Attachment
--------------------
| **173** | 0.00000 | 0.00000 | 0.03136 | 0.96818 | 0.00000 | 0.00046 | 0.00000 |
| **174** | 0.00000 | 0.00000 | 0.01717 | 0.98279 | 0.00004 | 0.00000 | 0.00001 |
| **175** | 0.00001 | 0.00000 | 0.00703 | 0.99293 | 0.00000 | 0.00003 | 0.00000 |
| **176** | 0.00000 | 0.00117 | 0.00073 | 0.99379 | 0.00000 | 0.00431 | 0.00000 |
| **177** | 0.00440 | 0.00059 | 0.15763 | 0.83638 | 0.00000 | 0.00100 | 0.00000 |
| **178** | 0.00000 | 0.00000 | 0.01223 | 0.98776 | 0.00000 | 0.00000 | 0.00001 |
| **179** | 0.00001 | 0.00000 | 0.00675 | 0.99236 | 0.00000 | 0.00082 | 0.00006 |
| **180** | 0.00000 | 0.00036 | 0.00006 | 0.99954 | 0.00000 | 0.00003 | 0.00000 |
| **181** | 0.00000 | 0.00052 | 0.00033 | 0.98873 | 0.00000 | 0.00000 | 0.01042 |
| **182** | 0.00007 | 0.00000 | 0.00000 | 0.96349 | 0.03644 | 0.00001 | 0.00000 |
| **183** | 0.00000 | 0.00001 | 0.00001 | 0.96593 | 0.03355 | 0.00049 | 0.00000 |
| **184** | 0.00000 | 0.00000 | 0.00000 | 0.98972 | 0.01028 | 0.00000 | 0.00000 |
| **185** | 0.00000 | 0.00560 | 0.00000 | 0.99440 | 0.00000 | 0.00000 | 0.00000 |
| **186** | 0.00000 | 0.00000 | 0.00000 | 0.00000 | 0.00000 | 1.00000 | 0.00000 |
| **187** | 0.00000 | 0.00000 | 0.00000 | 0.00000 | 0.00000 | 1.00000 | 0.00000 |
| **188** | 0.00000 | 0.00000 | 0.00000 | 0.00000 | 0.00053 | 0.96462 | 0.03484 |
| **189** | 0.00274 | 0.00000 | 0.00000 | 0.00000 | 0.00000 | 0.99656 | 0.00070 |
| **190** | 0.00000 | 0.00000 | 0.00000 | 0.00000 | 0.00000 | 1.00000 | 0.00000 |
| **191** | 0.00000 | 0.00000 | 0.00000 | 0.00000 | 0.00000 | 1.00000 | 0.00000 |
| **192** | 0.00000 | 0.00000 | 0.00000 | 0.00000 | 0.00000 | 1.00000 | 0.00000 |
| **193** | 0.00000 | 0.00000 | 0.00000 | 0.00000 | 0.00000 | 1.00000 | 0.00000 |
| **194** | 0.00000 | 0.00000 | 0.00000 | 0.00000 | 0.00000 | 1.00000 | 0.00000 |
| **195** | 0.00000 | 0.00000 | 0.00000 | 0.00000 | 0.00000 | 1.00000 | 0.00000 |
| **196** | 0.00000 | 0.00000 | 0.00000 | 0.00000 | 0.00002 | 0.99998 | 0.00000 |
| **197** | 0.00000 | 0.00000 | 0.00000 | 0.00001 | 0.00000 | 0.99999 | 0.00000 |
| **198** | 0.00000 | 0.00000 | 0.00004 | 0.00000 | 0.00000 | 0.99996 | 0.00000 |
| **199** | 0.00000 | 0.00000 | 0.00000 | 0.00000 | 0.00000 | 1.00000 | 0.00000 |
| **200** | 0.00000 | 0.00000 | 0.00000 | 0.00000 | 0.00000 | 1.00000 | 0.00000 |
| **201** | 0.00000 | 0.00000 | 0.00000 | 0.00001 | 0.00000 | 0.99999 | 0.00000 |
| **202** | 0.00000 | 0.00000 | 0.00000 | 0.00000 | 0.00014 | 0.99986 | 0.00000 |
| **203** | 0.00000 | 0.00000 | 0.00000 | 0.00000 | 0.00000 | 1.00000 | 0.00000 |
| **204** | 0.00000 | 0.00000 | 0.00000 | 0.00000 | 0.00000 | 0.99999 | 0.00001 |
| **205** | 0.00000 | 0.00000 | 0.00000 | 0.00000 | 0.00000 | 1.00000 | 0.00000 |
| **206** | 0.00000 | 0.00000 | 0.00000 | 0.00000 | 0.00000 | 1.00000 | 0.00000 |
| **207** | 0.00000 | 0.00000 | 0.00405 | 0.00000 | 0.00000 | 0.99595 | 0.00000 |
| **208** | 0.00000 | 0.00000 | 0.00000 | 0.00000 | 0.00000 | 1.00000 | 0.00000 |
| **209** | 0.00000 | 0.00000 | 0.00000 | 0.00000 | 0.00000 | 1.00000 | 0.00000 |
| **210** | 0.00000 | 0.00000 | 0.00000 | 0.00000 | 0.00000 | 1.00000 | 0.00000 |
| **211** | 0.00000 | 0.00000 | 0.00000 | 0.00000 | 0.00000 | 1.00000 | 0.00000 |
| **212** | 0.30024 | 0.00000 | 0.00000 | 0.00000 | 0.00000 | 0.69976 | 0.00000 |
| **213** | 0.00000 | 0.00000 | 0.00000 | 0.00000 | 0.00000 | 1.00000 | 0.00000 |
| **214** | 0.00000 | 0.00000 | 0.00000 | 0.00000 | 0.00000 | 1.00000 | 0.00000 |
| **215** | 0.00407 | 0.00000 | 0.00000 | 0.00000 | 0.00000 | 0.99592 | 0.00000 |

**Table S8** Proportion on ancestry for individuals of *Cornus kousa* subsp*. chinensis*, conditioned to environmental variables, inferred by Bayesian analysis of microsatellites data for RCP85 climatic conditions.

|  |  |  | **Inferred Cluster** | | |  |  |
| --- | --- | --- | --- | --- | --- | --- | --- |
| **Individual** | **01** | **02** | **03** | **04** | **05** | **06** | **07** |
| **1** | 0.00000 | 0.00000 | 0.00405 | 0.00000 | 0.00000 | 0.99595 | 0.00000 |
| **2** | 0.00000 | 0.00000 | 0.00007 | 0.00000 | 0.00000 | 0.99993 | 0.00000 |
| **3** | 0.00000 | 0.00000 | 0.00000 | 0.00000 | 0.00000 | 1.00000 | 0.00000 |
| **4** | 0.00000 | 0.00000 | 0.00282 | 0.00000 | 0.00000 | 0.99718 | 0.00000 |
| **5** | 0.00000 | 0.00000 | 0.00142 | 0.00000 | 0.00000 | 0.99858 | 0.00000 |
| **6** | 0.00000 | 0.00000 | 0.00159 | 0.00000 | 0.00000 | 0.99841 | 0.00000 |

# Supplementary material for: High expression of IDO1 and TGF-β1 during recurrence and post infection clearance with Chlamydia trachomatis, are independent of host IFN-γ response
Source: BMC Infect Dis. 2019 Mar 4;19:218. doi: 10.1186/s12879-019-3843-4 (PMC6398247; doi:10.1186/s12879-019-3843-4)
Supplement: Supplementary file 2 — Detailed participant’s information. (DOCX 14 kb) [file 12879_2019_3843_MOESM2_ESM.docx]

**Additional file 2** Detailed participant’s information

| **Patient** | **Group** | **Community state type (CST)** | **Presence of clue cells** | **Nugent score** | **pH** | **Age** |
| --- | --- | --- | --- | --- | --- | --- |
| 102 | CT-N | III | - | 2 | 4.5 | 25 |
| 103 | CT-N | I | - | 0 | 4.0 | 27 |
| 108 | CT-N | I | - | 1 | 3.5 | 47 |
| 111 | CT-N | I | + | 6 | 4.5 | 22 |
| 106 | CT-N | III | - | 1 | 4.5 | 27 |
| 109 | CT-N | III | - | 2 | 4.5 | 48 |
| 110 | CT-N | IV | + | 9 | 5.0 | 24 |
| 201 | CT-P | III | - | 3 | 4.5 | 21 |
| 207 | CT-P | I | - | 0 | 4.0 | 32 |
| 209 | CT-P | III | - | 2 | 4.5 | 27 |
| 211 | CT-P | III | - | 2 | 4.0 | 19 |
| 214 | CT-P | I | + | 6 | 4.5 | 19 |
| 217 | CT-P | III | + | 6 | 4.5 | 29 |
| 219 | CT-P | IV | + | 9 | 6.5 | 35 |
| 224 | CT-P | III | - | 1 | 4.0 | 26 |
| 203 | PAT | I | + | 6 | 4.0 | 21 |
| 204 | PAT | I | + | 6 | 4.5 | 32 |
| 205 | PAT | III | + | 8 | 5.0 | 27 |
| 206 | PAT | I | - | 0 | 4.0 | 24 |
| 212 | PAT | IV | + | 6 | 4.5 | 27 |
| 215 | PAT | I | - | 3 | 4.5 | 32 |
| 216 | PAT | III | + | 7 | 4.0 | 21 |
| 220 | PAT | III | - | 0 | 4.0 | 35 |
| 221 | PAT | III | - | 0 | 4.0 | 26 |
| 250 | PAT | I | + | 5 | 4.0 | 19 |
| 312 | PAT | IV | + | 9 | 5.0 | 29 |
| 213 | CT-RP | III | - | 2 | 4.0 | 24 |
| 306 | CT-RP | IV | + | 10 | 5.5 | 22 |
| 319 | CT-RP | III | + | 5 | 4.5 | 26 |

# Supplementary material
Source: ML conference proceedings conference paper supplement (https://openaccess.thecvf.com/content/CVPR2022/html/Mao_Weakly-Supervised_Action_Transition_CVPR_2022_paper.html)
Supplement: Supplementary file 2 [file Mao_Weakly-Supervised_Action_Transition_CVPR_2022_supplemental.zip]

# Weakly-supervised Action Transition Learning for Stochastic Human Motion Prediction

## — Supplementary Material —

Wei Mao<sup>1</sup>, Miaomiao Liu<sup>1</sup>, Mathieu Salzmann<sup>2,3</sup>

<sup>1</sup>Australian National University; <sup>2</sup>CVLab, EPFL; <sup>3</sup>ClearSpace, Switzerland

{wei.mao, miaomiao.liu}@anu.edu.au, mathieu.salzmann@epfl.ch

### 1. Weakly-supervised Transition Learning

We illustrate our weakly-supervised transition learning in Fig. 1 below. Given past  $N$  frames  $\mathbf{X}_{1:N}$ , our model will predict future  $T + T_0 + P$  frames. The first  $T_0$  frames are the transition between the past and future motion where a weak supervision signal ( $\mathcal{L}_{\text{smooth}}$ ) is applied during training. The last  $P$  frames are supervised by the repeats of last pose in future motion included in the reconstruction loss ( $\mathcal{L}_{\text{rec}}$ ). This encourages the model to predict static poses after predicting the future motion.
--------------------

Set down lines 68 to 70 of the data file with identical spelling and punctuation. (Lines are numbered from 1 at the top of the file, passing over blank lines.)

| 207 | CT-P | I | - | 0 | 4.0 | 32 |
| 209 | CT-P | III | - | 2 | 4.5 | 27 |
| 211 | CT-P | III | - | 2 | 4.0 | 19 |